Topics discussed in this episode:
Christian Klepp, Jonathan Kazarian
Christian Klepp 00:00
Welcome to B2B Marketers on a Mission, a podcast for B2B marketers that helps you to question the conventional, think differently, disrupt your industry, and take your marketing to new heights. Each week, we talk to B2B marketing experts who share inspirational stories, discuss our thoughts and trending topics, and provide useful marketing tips and recommendations. And now, here’s your host and co-founder of EINBLICK. Consulting, Christian Klepp. Okay, welcome, everyone to this episode of the B2B Marketers on a Mission podcast where you get your weekly dose of B2B marketing insights. This is your host Christian Klepp. And today I am joined by someone on a mission to create unforgettable event experiences no matter where you are. So coming to us from Miami Beach, Florida, Mr. Jonathan Kazarian. Welcome to the show, sir.
Jonathan Kazarian 00:47
Thanks for having me on, Christian.
Christian Klepp 00:49
All right. Great to be connected Jonathan, and I’m really looking forward to this conversation. So let’s dive in.
Jonathan Kazarian 00:56
Let’s do it.
Christian Klepp 00:57
Okay. So Jonathan, you’re an expert. When it comes to sharing insights, I’m going to say on how B2B companies can drive and measure growth through an event strategy. But for today’s conversation, let’s focus on the topic of the event attribution gap. So why do you think many B2B companies don’t know how to measure if they’re successful or not?
Jonathan Kazarian 01:18
Yeah, well, I mean, it stems back to really the initial uses of B2B events. And up until really 2020, data, when it comes to events was basically MIA. That’s completely changed over the past few years, the expectation has drastically changed. And when you look at events, they make up on average 25%, of B2B marketing budgets. So it’s a massive segment. And at this particular point in time where corporate budgets are shrinking, there’s a greater focus on measurement and ROI. It’s incredibly important that event organizers and demand gen teams understand the impact of the events that they’re hosting. The mechanisms for actually being able to understand that impact, they’re here today. But the biggest issue I see is that organizations go into their event program. And they don’t know what the purpose is of the event that they’re hosting. Some events are focused on brand building, some of them are driving leads, some events are customer events, and you’re just trying to deepen the relationship with customers, or maybe the event is an opportunity to launch a new product and find opportunities to expand sales within your existing customer base. So the first question in determining how to even measure the ROI of an event comes down to understanding why you’re actually hosting that event.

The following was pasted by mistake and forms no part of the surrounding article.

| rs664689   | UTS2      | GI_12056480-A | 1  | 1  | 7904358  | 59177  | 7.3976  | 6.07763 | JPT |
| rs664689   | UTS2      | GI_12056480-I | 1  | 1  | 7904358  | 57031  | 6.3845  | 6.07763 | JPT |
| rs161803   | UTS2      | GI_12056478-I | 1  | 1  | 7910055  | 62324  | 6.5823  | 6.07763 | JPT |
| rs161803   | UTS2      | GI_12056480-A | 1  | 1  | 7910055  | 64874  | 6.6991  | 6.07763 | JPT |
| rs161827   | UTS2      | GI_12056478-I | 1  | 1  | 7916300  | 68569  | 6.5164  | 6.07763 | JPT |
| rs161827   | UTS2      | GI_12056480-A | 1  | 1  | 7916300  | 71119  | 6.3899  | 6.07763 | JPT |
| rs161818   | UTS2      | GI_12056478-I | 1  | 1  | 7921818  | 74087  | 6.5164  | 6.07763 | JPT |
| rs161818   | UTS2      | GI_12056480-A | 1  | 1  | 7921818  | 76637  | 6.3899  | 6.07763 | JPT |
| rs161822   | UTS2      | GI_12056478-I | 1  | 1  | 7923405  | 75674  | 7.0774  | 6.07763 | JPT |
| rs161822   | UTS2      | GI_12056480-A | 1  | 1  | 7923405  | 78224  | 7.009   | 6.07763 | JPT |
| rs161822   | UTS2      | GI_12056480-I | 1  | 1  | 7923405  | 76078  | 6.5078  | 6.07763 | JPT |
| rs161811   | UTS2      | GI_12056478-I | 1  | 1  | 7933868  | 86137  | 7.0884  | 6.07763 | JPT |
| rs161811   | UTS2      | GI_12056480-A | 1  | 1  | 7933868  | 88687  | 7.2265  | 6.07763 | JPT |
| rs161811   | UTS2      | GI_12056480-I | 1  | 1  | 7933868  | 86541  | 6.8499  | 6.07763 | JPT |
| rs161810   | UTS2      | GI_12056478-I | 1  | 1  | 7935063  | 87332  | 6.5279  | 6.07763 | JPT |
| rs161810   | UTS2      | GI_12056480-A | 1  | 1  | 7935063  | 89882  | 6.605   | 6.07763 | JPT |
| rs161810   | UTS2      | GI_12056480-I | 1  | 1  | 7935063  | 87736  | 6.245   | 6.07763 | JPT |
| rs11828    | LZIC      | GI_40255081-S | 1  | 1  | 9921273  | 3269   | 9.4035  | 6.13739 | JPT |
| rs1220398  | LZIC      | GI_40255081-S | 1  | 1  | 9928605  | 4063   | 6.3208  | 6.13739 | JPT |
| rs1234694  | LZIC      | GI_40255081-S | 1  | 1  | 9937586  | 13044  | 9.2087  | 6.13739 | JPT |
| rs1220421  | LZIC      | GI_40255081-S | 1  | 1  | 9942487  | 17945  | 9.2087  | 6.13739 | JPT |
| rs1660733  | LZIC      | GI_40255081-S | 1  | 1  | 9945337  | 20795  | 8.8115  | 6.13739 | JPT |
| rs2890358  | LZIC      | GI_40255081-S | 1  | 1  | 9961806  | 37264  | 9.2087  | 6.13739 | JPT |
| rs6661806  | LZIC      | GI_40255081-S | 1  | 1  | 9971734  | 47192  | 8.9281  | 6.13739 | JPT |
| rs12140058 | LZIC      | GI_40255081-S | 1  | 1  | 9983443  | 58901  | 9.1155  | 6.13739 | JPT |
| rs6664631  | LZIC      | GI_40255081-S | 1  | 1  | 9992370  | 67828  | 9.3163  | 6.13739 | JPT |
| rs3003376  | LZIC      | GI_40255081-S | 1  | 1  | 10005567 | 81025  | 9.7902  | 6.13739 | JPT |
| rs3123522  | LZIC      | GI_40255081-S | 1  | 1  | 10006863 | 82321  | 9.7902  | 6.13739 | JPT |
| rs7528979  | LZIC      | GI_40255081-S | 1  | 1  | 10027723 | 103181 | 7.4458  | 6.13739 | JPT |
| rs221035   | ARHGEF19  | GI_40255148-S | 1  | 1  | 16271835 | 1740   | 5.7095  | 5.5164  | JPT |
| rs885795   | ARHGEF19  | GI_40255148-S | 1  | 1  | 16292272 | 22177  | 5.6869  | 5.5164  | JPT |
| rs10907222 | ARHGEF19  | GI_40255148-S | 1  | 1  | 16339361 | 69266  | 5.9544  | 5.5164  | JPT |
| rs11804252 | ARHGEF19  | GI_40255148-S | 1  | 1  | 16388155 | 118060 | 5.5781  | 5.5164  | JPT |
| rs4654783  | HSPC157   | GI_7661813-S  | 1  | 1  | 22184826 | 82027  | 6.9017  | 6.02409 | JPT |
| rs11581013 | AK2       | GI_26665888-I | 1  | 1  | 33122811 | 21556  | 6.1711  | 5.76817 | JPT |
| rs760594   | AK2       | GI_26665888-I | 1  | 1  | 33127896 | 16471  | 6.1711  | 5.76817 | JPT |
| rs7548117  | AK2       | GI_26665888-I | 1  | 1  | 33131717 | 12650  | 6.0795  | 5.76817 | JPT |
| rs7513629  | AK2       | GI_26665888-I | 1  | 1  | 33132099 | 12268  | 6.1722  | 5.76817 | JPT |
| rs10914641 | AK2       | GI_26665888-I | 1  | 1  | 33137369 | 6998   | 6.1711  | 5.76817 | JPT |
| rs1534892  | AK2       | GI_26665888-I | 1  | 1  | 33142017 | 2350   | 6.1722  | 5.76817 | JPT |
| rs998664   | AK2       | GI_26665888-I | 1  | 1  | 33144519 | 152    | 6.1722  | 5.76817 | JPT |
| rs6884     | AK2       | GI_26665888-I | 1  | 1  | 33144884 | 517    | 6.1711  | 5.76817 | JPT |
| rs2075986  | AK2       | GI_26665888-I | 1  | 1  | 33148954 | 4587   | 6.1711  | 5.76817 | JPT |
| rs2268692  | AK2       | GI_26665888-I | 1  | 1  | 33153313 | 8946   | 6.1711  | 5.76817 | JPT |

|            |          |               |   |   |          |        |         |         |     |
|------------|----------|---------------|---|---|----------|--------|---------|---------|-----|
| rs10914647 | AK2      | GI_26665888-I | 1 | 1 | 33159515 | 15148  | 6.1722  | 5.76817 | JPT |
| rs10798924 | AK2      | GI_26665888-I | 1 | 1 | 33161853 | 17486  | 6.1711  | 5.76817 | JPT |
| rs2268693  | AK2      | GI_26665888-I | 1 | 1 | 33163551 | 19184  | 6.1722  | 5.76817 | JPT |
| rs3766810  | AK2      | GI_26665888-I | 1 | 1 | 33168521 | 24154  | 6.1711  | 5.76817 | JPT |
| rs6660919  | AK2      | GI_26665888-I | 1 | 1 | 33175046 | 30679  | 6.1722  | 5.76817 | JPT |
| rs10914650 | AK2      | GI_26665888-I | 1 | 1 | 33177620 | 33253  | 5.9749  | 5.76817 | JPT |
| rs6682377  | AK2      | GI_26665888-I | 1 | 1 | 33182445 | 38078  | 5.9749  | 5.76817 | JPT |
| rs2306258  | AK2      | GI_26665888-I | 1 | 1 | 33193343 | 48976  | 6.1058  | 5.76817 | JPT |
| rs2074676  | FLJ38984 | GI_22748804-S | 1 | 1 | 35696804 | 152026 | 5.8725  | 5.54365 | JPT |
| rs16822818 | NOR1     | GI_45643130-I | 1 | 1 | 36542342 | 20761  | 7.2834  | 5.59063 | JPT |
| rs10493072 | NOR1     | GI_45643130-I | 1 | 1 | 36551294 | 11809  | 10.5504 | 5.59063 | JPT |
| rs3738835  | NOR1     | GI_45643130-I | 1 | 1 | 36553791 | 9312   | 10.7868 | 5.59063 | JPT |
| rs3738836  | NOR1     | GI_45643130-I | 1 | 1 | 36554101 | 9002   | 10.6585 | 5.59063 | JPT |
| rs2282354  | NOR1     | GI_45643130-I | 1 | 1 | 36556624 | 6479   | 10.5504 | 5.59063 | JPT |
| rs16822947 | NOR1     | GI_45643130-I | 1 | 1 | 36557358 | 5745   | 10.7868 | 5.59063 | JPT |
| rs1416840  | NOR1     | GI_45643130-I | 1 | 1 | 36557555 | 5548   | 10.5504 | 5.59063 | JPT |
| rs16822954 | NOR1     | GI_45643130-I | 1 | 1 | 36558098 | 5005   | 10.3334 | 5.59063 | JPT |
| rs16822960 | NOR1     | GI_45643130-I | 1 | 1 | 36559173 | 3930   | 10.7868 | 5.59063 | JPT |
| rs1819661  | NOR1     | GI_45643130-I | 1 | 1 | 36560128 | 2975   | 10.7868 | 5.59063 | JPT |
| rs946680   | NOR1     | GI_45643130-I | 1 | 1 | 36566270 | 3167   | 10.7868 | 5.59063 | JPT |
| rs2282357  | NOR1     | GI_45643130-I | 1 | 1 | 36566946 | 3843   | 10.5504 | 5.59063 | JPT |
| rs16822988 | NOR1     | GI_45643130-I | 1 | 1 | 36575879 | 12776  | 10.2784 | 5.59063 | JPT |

Christian Klepp 02:44
That makes total sense. But it’s interesting, to your point, how many companies don’t do that. I have a follow up question for you, Jonathan. Like I mean, it’s… they’re slowly coming back here in Canada, I’m talking about like in person events, because we’re, you know, we’re, we’ve got Collision going on right now, here in Toronto. What are you… And I mean, like, you know, that one, they put that one on hold for about two years now. But what are you seeing? You know, in the United States, are you still seeing a combination of like, you know, these hybrid events? Are people, you know, is in-person like completely back or what’s going on?
Jonathan Kazarian 03:19
Yeah, Collision is an incredible event, I think they have about 35,000 people there right now. What we’re seeing across the industry, is events are only bringing in about 55% in-person events… 55% of their 2019 attendance. So actual attendance is down fairly significantly. And there’s a variety of reasons for that. One of which is that some people still aren’t comfortable attending those events in person, others realize that there’s additional mechanisms, ways to access that content they didn’t have in the past. But the other part factor is just it’s so expensive right now, it’s so expensive to host the event, to attend the event. And again, you’ve got to get corporate budget approval in a world where your boss is saying, Well, is there an alternative for you to access that information, to access that community that content? So for that reason, in person events are being impacted. However, they’re very much back. And we’re incredibly excited to see that . The biggest change that we’re seeing right now is that it’s not just about those one or two flagship events per year, organizations are thinking about their entire event program now. So what is that mix of events that are using virtual events and webinars and building that community throughout the year in addition to Field Marketing and targeted events in different cities throughout the country or the world, and then bringing that all in with those couple of flagship events per year. And as organizations start to think about events as frankly the most powerful mechanism within the company for lead gen. They are thinking about that holistic program.